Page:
​Paul Warfield

As a junior, Warfield set a Warren (Ohio) Harding High School football scoring record of 92 points as he rushed for a team-high 810 yards and was voted honorable mention all-Ohio. The following year, he scored 93 points to eclipse his mark and led the team with 1,158 rushing yards and three interceptions. As a sophomore, Warfield was the state champion in the long jump, and two years later, he set Harding High School records in the 100-yard dash (9.7), 180-yard low hurdles (:18.9 - state-record time and was state champion), and the long jump (23-9). Each of those marks ranked in the top 10 nationally. Warfield played in the NFL for 13 years and was a member of two Super Bowl championship teams with the Miami Dolphins.

Ted Federici

In 32 years, Federici coached the Oregon (Ohio) Clay High School football program to a 204-79-19 record. He also started the track program and coached it to eight league championships. In addition, he started the wrestling program and coached girls basketball for one season.

Jack Ryan

Ryan's 44-year football coaching record was 257-140-2, and his 47-year baseball coaching mark was 471-157. In 26 years of coaching basketball at Columbus (Ohio) St. Charles High School, his mark was 373-150. His combined three-sport coaching record was a phenomenal 1,101-447-2. Ryan's football teams won 13 Central Catholic League championships, and his basketball teams were CCL champions nine times.

John Saunders
In four years of high school track competition at Cincinnati (Ohio) Glendale High School, Saunders won 10 individual titles, including the 120-yard high hurdles all four years. In addition to winning four high hurdles titles from 1935 to 1938, Saunders won three 100-yard dash championships, with a best of :10.1; one 220-yard low hurdles title; and the long jump title in 1938. Saunders' 22-6¾ effort in the long jump shattered the state record and the mark remained in the books for 36 years until it was bettered in 1974.

Carolyn Bowers

Bowers was one of the first two female officials inducted into the Hall of Fame and she was the first gymnastics official to be enshrined. In 1969, Bowers presented developmental plans and regulations to the Ohio High School Athletic Association for the first Ohio high school girls gymnastics meet, and in 1973, the OHSAA sponsored the first tournament in any girls sport — gymnastics. Since 1973, Bowers has been OHSAA state gymnastics rules interpreter, and since 1971 (except for 1976 and 1985), she has been girls gymnastics district meet referee, as well as OHSAA state meet director.

Archie Griffin

As a senior running back at Columbus (Ohio) Eastmoor High School, Griffin rushed for 1,737 yards and scored 170 points in 10 games, including 29 touchdowns. He helped his team to a 9-1 record, including the Columbus City League championship in 1971. In the Columbus league title game against Columbus Linden McKinley, Griffin rushed for 267 yards on 31 carries. He also rushed for more than 1,000 yards as a junior. Griffin continued to play in the state of Ohio, first as a two-time Heisman Trophy winner at Ohio State, and later as a first-round draft choice of the Cincinnati Bengals.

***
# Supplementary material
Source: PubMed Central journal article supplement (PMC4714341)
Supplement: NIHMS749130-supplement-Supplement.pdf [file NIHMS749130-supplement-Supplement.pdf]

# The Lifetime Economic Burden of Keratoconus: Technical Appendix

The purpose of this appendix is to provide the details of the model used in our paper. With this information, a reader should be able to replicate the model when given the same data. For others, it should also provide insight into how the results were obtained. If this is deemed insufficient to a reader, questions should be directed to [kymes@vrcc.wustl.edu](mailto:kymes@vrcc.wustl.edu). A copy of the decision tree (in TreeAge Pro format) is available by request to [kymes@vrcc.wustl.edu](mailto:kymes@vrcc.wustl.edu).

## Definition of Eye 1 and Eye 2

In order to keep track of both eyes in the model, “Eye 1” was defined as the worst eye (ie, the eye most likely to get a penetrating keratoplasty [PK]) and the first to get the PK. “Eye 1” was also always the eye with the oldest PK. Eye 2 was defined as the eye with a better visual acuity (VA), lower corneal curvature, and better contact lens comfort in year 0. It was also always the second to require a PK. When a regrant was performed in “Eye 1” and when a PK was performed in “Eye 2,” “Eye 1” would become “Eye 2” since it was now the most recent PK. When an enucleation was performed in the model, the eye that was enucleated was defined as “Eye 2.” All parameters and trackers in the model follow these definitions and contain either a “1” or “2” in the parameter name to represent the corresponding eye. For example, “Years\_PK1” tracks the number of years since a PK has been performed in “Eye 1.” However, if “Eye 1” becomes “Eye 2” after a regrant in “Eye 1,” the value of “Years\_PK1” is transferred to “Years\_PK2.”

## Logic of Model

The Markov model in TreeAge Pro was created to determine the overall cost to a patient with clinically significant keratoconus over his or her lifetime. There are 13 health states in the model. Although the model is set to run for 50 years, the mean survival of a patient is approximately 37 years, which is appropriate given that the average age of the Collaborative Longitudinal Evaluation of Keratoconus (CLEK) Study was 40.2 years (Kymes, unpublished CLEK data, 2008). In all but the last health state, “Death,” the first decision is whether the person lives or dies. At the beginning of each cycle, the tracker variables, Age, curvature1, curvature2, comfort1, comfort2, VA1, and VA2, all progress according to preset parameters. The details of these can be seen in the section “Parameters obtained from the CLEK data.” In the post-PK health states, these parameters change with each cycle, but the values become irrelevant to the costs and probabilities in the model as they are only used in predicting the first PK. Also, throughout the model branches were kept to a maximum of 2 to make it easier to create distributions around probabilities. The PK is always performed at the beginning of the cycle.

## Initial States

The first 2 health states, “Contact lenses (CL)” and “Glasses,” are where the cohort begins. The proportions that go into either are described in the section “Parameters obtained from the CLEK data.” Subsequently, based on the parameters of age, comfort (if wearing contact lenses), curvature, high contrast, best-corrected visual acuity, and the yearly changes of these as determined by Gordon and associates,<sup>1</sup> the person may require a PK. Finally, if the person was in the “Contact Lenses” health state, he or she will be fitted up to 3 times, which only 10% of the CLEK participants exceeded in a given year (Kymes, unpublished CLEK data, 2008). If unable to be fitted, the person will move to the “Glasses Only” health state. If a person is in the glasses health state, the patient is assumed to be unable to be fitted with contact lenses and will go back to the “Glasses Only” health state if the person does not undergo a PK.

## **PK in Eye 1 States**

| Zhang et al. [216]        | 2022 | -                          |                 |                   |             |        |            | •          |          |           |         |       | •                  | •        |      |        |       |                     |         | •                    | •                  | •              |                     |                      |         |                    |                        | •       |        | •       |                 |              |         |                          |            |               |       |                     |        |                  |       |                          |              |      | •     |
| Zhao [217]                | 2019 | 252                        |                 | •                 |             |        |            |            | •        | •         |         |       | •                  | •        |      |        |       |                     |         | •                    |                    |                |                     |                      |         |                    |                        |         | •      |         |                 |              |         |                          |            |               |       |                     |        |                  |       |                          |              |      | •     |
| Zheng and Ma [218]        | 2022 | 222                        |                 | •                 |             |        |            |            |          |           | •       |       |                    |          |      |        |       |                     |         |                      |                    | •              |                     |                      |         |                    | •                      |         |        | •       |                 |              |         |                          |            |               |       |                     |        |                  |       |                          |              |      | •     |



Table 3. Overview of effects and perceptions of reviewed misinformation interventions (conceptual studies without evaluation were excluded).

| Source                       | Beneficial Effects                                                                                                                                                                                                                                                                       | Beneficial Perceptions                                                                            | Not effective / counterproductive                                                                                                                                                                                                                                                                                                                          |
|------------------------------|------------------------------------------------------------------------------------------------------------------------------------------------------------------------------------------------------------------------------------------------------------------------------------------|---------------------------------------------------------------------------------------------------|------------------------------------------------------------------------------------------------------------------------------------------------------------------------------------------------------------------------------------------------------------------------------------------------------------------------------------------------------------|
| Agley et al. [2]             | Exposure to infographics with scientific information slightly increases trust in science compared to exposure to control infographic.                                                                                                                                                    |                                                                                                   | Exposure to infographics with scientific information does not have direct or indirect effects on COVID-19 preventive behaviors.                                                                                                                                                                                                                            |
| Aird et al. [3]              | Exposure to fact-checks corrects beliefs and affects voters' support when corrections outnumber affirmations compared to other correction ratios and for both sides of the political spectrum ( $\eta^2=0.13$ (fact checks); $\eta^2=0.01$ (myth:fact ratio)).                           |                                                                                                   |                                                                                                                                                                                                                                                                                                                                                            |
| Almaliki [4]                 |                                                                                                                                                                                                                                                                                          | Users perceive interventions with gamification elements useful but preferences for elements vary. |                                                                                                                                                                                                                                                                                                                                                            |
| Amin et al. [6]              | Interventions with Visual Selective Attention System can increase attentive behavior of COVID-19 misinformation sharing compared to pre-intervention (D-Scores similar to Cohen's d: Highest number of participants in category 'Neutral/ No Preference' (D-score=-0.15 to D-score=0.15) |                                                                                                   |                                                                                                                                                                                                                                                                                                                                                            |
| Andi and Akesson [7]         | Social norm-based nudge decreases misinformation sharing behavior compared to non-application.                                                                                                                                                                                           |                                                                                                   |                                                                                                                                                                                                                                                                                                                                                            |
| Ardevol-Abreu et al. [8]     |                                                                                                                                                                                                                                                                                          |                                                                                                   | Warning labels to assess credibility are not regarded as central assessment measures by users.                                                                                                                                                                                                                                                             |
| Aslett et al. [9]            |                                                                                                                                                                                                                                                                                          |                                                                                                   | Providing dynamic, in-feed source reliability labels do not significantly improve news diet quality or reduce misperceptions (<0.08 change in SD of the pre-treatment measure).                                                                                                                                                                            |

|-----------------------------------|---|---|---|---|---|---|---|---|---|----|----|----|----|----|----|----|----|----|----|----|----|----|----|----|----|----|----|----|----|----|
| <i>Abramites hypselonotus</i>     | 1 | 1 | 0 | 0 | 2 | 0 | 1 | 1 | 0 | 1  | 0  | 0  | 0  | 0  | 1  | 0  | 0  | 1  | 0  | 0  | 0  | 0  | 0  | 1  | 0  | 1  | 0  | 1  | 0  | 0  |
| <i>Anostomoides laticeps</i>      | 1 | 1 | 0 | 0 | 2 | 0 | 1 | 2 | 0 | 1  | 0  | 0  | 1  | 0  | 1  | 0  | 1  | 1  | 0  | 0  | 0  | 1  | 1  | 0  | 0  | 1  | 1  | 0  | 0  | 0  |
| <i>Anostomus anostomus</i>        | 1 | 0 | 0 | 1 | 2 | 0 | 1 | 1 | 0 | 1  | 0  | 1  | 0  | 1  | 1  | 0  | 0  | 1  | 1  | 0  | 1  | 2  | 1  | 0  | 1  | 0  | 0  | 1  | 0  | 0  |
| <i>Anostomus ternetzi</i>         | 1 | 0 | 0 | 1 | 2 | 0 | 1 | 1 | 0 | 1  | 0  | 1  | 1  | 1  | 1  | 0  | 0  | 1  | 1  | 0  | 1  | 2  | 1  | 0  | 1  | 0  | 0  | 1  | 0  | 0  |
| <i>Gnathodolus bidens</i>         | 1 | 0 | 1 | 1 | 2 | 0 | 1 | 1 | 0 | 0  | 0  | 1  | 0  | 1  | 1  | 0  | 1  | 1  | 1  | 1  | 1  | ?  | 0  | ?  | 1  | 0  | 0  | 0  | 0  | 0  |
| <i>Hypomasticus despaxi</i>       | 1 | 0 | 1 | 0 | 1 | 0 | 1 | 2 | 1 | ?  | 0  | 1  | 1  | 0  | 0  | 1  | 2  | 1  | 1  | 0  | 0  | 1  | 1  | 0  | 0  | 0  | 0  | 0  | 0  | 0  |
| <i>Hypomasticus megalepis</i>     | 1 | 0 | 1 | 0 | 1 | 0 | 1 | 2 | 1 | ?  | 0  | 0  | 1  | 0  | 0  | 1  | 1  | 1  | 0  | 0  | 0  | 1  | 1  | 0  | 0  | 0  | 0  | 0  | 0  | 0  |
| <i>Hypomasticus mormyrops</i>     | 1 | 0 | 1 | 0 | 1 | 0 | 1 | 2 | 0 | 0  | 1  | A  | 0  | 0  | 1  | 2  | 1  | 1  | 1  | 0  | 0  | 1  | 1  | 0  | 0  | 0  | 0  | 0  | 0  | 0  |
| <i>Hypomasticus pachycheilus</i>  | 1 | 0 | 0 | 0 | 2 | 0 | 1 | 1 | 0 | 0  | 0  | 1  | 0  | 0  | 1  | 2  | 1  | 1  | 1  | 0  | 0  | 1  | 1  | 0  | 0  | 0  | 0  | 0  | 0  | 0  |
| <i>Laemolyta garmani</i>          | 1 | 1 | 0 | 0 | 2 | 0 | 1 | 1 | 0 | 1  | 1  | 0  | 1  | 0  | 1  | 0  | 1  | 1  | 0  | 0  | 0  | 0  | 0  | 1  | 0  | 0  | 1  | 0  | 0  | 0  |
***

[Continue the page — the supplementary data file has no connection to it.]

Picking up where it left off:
Bob Arnzen

Arnzen spent his entire 43-year basketball coaching career at Delphos (Ohio) St. John's High School, acquiring 11 conference championships, five state tournament berths, two runner-up finishes and one state championship. He was named Ohio coach of the year on two occasions, and was named the 1976 National Catholic coach of the year and 1990 National High School Athletic Coaches Association regional coach of the year.

Gerry Faust

Faust was one of the best coaches in the nation for two decades (1960-80) when he led Cincinnati (Ohio) Archbishop Moeller to an impressive 174-17-2 record. His teams won 12 Greater Catholic League championships, 10 city championships, eight regional titles and five state championships. Faust’s teams had nine undefeated seasons and won 53 straight regular-season games from 1972 to 1978 and 72 of his last 73 while earning four mythical national championships. He coached 22 all-American and 39 all-Ohio players while being six time Ohio coach of the year, 12-time league coach of the year and two-time national coach of the year. Faust coached at the University of Notre Dame for five years and the University of Akron for nine years.

Clair Muscaro
Muscaro retired in July 2004 after an outstanding 48-year career as a teacher, coach, assistant principal, athletic director, principal and state administrator - all in Ohio. After teaching and coaching for 11 years, Muscaro became principal at Peninsula (Ohio) Woodridge High School in 1967 and served in that capacity for 17 years. He then was an assistant commissioner of the Ohio High School Athletic Association (OHSAA) for 5 1/2 years before being named the OHSAA commissioner in 1990. Among his accomplishments at the OHSAA, Muscaro initiated the elimination of tournament entry fees in 1992. In 1997, he started the OHSAA Foundation and initiated a scholar-athlete award program. He also established a reserve fund and a building fund while at the OHSAA.